The Fed has the sole role of last adult standing in the playground, even though abdicated by the little gnome Greenspan. Once rates hit zero the Fed became a monetary eunuch but reaffirmed its LASITP position through what I thought were inspired means (TALP & TARP) simply to slow down the deflation.
Ben has been emulating Jimmy Carter's transparency and it's a bad policy. I believe he is well intended but wrong. The deflation followed by axiomatic inflation question is, will he see that he has made a terrible mistake? Sadly, probably not.
Central banks have a 100% success rate of failure. All learned men trying to preserve their republics, all inflate their currency into oblivion. Our debts are intractable and this president hasn't the hutspa to do what is necessary - stop the madness LBJ doomed our country with!
Absolutely! Ben has inadvertently cajoled the banks into near zombie status by guaranteeing them free money (deposits at 0%) and allowing them unlimited participation in Treasuries to make their income. I have long believed that QE2 is the EXACT OPPOSITE of what is needed now, if for no other reason than to reassert the illusion that there is at least on adult left in the playground.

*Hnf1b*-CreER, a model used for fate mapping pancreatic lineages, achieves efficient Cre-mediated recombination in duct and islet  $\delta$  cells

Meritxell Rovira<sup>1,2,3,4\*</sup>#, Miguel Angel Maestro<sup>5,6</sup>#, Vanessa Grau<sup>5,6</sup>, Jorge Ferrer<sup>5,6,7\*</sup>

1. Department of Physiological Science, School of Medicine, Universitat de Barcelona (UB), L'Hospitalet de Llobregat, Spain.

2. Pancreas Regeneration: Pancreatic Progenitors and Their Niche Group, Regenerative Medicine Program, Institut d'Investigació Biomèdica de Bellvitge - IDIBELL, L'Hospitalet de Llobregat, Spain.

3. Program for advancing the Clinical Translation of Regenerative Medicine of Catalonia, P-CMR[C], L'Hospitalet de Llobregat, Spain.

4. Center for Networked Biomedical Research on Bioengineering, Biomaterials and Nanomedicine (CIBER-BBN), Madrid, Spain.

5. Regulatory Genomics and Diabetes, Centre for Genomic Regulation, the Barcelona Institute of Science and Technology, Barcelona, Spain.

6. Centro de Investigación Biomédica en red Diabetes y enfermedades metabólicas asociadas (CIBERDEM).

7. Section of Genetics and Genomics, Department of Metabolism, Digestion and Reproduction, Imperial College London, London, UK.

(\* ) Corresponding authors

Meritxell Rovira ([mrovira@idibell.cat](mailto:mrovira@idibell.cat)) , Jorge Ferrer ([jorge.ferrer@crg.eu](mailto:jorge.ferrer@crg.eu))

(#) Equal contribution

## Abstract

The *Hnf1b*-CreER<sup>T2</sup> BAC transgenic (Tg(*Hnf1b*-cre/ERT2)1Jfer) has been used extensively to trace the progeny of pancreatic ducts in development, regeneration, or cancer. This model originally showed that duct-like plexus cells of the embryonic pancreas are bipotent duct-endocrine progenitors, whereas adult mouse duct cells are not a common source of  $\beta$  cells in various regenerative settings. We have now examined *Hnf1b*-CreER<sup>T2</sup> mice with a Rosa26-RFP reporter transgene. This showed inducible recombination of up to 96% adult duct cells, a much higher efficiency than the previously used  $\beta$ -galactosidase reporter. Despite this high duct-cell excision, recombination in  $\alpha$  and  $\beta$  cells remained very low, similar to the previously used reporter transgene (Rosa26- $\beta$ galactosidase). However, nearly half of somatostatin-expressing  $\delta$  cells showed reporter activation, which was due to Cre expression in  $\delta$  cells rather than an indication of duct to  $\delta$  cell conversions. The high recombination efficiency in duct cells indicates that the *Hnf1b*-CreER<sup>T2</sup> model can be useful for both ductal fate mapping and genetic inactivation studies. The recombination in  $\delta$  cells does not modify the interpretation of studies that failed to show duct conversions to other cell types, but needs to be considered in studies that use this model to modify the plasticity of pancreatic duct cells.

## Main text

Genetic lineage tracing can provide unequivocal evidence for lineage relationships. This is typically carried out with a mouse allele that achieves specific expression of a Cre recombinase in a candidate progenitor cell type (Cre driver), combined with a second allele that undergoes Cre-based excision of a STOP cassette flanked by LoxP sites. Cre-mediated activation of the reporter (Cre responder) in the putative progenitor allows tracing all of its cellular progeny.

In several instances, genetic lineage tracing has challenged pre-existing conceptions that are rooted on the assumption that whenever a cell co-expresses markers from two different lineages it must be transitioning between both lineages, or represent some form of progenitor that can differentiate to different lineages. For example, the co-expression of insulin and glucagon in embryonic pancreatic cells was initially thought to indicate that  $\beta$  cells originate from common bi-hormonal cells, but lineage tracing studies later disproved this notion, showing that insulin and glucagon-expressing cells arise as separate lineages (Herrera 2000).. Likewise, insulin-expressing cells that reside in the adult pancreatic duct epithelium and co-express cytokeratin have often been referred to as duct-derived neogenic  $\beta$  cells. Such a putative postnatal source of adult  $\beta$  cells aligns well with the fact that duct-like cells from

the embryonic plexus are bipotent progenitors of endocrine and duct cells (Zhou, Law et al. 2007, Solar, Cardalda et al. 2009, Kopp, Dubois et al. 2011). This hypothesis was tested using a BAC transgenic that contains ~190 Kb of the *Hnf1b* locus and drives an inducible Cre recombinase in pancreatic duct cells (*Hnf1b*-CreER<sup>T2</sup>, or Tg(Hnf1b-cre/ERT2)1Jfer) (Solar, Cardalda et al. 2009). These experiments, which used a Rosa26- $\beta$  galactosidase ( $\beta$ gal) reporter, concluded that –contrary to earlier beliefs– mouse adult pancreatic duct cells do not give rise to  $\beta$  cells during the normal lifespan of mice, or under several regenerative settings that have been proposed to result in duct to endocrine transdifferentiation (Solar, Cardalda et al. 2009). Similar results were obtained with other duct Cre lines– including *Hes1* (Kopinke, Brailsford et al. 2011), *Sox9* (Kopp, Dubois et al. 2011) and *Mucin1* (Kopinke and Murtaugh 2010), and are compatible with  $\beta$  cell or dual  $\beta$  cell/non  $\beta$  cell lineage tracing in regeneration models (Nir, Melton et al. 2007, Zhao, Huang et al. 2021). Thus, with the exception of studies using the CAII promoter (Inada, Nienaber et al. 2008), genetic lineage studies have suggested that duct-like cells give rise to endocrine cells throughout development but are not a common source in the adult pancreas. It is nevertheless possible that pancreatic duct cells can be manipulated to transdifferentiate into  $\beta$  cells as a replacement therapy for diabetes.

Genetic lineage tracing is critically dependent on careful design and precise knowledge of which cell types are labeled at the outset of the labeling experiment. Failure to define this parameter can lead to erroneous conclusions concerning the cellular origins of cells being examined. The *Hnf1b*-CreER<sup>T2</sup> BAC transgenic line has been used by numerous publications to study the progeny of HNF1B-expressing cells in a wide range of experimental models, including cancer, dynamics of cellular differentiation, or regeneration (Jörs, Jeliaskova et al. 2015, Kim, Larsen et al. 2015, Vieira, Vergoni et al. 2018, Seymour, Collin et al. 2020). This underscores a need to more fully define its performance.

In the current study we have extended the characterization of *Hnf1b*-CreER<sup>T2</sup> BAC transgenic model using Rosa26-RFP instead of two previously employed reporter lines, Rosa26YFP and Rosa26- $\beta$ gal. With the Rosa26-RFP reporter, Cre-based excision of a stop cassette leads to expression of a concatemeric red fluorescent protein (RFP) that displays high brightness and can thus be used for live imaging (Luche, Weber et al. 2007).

Ben Shalom Bernanke is actually driving us precariously close to a real depression. Driving long-term rates down, to cover the inflation meter may have rung the death knell as it forces a new round of deflation. That will only trigger the hyper-inflationary fix that erases the middle class forever.
Isn't it a shell game? Sanitize a colossal fiat that immediately inflates equities and commodities in proportion to the expanded float, while claiming no iinflation. All our toys are worth more, but the currency they're denominated in is worth less, exactly the same proportion. Funny how that worked out but then again any other monetary inflation would rattle our creditors, who magically hold the subsidized, sanitized instrument - bonds.